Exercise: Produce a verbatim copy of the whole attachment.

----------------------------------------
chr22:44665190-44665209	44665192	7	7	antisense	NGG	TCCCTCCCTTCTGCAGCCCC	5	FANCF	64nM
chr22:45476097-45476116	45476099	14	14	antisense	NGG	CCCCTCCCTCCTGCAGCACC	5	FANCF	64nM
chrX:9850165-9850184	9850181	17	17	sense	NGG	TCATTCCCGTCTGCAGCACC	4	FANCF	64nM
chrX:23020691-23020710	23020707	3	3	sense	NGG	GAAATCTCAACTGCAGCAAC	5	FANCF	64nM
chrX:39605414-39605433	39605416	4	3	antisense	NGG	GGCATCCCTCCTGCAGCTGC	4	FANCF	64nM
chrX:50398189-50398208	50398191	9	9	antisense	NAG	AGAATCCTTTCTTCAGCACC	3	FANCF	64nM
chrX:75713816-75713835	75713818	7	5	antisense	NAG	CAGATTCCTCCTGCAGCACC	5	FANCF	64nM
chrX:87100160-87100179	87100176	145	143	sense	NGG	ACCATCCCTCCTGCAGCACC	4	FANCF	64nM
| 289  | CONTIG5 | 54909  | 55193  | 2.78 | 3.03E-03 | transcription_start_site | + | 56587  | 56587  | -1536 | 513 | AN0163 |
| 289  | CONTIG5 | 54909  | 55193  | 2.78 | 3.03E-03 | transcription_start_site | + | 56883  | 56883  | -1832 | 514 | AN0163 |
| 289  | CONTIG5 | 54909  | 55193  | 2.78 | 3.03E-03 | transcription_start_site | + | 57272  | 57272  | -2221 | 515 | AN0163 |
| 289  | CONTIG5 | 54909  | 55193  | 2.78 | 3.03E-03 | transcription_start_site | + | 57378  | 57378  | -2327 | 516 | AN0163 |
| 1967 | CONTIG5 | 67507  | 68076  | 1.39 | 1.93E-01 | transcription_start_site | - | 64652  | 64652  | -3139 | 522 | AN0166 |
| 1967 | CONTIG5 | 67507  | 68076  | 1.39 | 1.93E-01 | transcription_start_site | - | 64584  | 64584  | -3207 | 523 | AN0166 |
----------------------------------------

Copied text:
chr22:44665190-44665209	44665192	7	7	antisense	NGG	TCCCTCCCTTCTGCAGCCCC	5	FANCF	64nM
chr22:45476097-45476116	45476099	14	14	antisense	NGG	CCCCTCCCTCCTGCAGCACC	5	FANCF	64nM
chrX:9850165-9850184	9850181	17	17	sense	NGG	TCATTCCCGTCTGCAGCACC	4	FANCF	64nM
chrX:23020691-23020710	23020707	3	3	sense	NGG	GAAATCTCAACTGCAGCAAC	5	FANCF	64nM
chrX:39605414-39605433	39605416	4	3	antisense	NGG	GGCATCCCTCCTGCAGCTGC	4	FANCF	64nM
chrX:50398189-50398208	50398191	9	9	antisense	NAG	AGAATCCTTTCTTCAGCACC	3	FANCF	64nM
chrX:75713816-75713835	75713818	7	5	antisense	NAG	CAGATTCCTCCTGCAGCACC	5	FANCF	64nM
chrX:87100160-87100179	87100176	145	143	sense	NGG	ACCATCCCTCCTGCAGCACC	4	FANCF	64nM
| 289  | CONTIG5 | 54909  | 55193  | 2.78 | 3.03E-03 | transcription_start_site | + | 56587  | 56587  | -1536 | 513 | AN0163 |
| 289  | CONTIG5 | 54909  | 55193  | 2.78 | 3.03E-03 | transcription_start_site | + | 56883  | 56883  | -1832 | 514 | AN0163 |
| 289  | CONTIG5 | 54909  | 55193  | 2.78 | 3.03E-03 | transcription_start_site | + | 57272  | 57272  | -2221 | 515 | AN0163 |
| 289  | CONTIG5 | 54909  | 55193  | 2.78 | 3.03E-03 | transcription_start_site | + | 57378  | 57378  | -2327 | 516 | AN0163 |
| 1967 | CONTIG5 | 67507  | 68076  | 1.39 | 1.93E-01 | transcription_start_site | - | 64652  | 64652  | -3139 | 522 | AN0166 |
| 1967 | CONTIG5 | 67507  | 68076  | 1.39 | 1.93E-01 | transcription_start_site | - | 64584  | 64584  | -3207 | 523 | AN0166 |